Carol Burris went to Albany to attend the trial of Sheri Lederman’s case against the state of New York, which rated her “ineffective” based on her students’ growth scores. Many other educators attended the trial, which has national implications.

Sheri is an outstanding fourth grade teacher in a high-performing district. When she learned of her poor, computer-generated rating, she was devastated. But her husband Bruce, an attorney, determined to sue the state. He gathered affidavits from some of the mation’s leading experts on teacher evaluations, as well as students, teachers, and her principal.

At the trial, the judge recognized that grading teachers on a curve made no sense.

Burris reports:

“The exasperated New York Supreme Court judge, Roger McDonough, tried to get Assistant Attorney General Galligan to answer his questions. He was looking for clarity and instead got circuitous responses about bell curves, “outliers” and adjustments. Fourth-grade teacher Sheri Lederman’s VAM score of “ineffective” was on trial.

“The more Ms. Galligan tried to defend the bell curve of growth scores as science, the more the judge pushed back with common sense. It was clear that he did his homework. He understood that the New York State Education Department’s VAM system artificially set the percentage of “ineffective” teachers at 7 percent. That arbitrary decision clearly troubled him. “Doesn’t the bell curve make it subjective? There has to be failures,” he asked.

“The defender of the curve said that she did not like the “failure” word.

“The judge quipped, “Ineffectives, how about that?” Those in attendance laughed.

“Ms. Galligan preferred the term “outlier.” Those who got ineffective growth scores were “the outliers who are not doing a good job,” the attorney said. She seemed oblivious to the fourth-grade teacher who was sitting not 10 feet away from where she stood.

“Did her students learn nothing?” Justice McDonough asked. “How could it be that she went from 14 out of 20 points to 1 out of 20 points in one year?” He noted that the students’ scores were quite good and not that different from the year before.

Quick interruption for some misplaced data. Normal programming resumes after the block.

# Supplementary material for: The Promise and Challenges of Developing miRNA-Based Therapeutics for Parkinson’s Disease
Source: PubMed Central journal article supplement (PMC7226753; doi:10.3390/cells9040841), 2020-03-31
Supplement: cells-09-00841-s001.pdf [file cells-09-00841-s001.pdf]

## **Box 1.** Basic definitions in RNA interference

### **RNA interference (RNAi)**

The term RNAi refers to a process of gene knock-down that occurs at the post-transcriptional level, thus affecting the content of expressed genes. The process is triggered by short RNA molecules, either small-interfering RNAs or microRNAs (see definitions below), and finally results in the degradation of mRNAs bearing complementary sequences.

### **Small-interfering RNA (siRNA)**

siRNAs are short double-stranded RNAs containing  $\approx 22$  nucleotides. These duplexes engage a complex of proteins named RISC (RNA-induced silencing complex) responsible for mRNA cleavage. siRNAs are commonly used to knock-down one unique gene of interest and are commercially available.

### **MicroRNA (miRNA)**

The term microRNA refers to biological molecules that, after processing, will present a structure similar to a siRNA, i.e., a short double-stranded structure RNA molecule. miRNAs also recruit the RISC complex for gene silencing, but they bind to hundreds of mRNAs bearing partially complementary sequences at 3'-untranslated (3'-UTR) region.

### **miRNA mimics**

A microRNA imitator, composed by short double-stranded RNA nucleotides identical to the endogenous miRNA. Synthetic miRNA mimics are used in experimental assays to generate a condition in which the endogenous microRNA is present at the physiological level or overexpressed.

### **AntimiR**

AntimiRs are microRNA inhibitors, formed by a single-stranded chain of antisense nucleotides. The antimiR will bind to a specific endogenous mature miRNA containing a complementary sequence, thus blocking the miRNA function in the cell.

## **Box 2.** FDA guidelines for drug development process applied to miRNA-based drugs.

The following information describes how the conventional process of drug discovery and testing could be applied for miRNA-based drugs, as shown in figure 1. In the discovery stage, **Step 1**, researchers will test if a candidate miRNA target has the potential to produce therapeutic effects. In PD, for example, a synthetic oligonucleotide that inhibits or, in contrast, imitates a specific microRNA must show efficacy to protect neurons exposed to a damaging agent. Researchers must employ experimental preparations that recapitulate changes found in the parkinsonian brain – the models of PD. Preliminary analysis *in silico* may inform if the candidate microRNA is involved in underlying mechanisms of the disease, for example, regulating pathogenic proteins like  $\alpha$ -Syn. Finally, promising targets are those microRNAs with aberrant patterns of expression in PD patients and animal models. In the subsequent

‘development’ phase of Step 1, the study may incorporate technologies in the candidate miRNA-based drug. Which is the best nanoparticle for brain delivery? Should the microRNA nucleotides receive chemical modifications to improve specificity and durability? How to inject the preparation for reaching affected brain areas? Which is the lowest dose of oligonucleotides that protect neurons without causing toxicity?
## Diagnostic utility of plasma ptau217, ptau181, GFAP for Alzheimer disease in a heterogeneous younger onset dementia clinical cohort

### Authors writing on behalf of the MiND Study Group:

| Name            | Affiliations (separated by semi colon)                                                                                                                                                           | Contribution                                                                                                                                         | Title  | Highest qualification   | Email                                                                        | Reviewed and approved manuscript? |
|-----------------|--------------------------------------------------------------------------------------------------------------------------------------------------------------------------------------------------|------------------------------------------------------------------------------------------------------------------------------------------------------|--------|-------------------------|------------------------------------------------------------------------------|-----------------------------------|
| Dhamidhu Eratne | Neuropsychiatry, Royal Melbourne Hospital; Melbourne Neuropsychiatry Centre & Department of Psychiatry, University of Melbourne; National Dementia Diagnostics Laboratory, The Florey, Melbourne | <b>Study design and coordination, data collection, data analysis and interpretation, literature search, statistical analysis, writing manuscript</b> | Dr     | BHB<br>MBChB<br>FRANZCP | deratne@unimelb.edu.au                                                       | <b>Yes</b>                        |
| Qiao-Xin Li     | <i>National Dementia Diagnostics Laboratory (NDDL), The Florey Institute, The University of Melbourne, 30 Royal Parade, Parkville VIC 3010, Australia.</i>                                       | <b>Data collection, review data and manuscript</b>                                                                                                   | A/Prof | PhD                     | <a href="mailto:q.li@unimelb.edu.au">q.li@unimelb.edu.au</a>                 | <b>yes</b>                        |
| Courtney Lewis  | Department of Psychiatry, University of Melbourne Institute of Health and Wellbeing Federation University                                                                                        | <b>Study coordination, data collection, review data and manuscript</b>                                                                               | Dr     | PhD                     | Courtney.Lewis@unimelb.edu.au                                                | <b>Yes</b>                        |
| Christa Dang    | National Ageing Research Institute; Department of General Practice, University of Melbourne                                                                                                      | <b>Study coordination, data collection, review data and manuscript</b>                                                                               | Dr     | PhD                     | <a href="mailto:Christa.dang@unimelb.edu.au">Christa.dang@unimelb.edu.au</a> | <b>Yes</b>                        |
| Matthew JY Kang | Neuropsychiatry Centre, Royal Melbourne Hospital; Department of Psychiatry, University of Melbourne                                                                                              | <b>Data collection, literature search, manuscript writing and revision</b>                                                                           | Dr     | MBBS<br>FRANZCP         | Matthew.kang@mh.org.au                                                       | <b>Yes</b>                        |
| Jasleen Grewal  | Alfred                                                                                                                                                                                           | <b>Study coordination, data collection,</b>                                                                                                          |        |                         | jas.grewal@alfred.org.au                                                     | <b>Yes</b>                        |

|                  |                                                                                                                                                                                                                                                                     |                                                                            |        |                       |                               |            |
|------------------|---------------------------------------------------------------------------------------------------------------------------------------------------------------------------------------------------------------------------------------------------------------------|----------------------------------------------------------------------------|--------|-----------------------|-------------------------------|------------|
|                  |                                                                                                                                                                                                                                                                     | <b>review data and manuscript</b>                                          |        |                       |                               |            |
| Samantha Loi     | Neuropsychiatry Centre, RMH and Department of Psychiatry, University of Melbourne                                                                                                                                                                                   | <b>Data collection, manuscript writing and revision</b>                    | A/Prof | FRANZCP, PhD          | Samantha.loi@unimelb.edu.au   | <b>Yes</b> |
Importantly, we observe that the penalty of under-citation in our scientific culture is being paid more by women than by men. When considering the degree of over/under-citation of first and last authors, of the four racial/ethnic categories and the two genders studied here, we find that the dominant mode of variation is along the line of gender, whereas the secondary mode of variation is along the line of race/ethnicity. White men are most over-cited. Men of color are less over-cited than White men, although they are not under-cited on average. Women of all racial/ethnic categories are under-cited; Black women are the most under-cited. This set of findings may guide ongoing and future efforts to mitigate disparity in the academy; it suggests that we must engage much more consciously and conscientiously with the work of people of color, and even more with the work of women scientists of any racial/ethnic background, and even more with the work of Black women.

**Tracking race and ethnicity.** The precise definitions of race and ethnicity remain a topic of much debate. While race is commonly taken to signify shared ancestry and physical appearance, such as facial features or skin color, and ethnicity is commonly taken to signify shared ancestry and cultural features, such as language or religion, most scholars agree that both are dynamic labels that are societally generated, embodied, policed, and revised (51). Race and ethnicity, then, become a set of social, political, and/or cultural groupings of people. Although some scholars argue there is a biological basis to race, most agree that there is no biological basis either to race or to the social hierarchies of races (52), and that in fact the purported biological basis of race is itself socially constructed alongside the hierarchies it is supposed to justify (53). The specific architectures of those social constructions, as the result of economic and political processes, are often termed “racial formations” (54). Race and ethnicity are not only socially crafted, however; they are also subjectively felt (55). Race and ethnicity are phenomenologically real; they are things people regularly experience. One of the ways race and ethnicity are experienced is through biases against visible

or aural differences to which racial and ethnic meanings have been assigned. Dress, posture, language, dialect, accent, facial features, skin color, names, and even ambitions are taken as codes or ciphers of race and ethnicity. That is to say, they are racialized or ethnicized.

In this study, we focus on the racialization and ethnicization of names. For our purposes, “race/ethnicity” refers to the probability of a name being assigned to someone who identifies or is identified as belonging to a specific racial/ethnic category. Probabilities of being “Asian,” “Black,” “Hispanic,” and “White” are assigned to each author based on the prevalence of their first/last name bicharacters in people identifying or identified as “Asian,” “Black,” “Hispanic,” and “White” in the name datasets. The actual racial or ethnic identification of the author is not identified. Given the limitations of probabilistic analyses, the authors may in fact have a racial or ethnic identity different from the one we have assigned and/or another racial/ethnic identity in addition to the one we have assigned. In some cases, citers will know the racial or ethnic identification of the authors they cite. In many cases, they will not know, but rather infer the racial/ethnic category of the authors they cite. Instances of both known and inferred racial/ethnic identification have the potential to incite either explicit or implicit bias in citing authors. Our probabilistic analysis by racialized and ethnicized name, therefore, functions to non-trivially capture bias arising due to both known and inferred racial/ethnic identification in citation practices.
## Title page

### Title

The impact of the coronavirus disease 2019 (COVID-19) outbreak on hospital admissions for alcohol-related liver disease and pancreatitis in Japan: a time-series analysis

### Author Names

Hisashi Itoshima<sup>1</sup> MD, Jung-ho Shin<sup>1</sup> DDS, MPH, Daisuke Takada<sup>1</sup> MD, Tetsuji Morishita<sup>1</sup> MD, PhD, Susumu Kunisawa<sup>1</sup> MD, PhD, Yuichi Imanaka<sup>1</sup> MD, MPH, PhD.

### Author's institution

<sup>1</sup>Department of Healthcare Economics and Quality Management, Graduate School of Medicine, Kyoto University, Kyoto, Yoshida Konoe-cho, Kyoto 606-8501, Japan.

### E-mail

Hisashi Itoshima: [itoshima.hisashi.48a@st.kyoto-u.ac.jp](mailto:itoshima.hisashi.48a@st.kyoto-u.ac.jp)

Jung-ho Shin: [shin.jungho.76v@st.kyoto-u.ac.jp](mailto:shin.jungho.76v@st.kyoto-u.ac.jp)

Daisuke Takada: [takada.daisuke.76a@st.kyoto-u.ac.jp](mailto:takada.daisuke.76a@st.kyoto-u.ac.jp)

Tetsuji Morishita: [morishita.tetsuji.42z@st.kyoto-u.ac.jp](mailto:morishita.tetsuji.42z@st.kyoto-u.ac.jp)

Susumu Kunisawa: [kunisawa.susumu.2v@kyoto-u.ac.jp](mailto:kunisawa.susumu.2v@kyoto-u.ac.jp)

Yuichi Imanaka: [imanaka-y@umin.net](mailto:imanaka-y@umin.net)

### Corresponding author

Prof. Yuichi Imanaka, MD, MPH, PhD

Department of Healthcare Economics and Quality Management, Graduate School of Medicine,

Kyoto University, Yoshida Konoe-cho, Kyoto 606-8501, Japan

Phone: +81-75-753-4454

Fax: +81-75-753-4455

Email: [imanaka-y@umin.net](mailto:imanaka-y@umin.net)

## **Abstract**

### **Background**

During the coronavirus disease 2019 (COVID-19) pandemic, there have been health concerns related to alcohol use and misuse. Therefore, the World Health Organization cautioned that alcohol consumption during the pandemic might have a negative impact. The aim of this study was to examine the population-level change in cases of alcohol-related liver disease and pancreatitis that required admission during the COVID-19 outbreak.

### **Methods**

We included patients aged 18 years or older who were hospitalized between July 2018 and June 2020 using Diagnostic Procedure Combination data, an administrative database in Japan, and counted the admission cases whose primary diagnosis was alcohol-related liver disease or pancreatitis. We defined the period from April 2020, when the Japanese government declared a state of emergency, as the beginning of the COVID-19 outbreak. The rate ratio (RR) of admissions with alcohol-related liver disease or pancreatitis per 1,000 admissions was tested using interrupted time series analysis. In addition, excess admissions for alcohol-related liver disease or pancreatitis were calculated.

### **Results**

“Back behind the bell curve Ms. Galligan ran. As she tried to explain once again, the judge said, “Therein lies the imprecise nature of this measure.”

Burris demonstrates the irrationality of the state’s measures. Teachers in some of the lowest-performing schools were rated “effective” or “highly effective,” while more teachers is some of the state’s best schools were rated “ineffective.” Crazy!

Burris writes:

“At its core, this story is a love story. It is the story of a teacher who loves her students, her profession and justice so much that she is willing to stand up and let the world know that she was “an outlier” with an “ineffective” score.

“It was love that compelled teachers, retired and active, driving from all corners of the state to be in that courtroom to listen on a hot summer’s day. It was love that compelled her principal to drive to Albany to be there. It was the deep and abiding love of a husband for his wife that compelled Bruce Lederman to spend countless hours preparing an extraordinary defense. And it is love that nourishes and sustains the good school, not avatar score predictions for performance on Common Core tests.”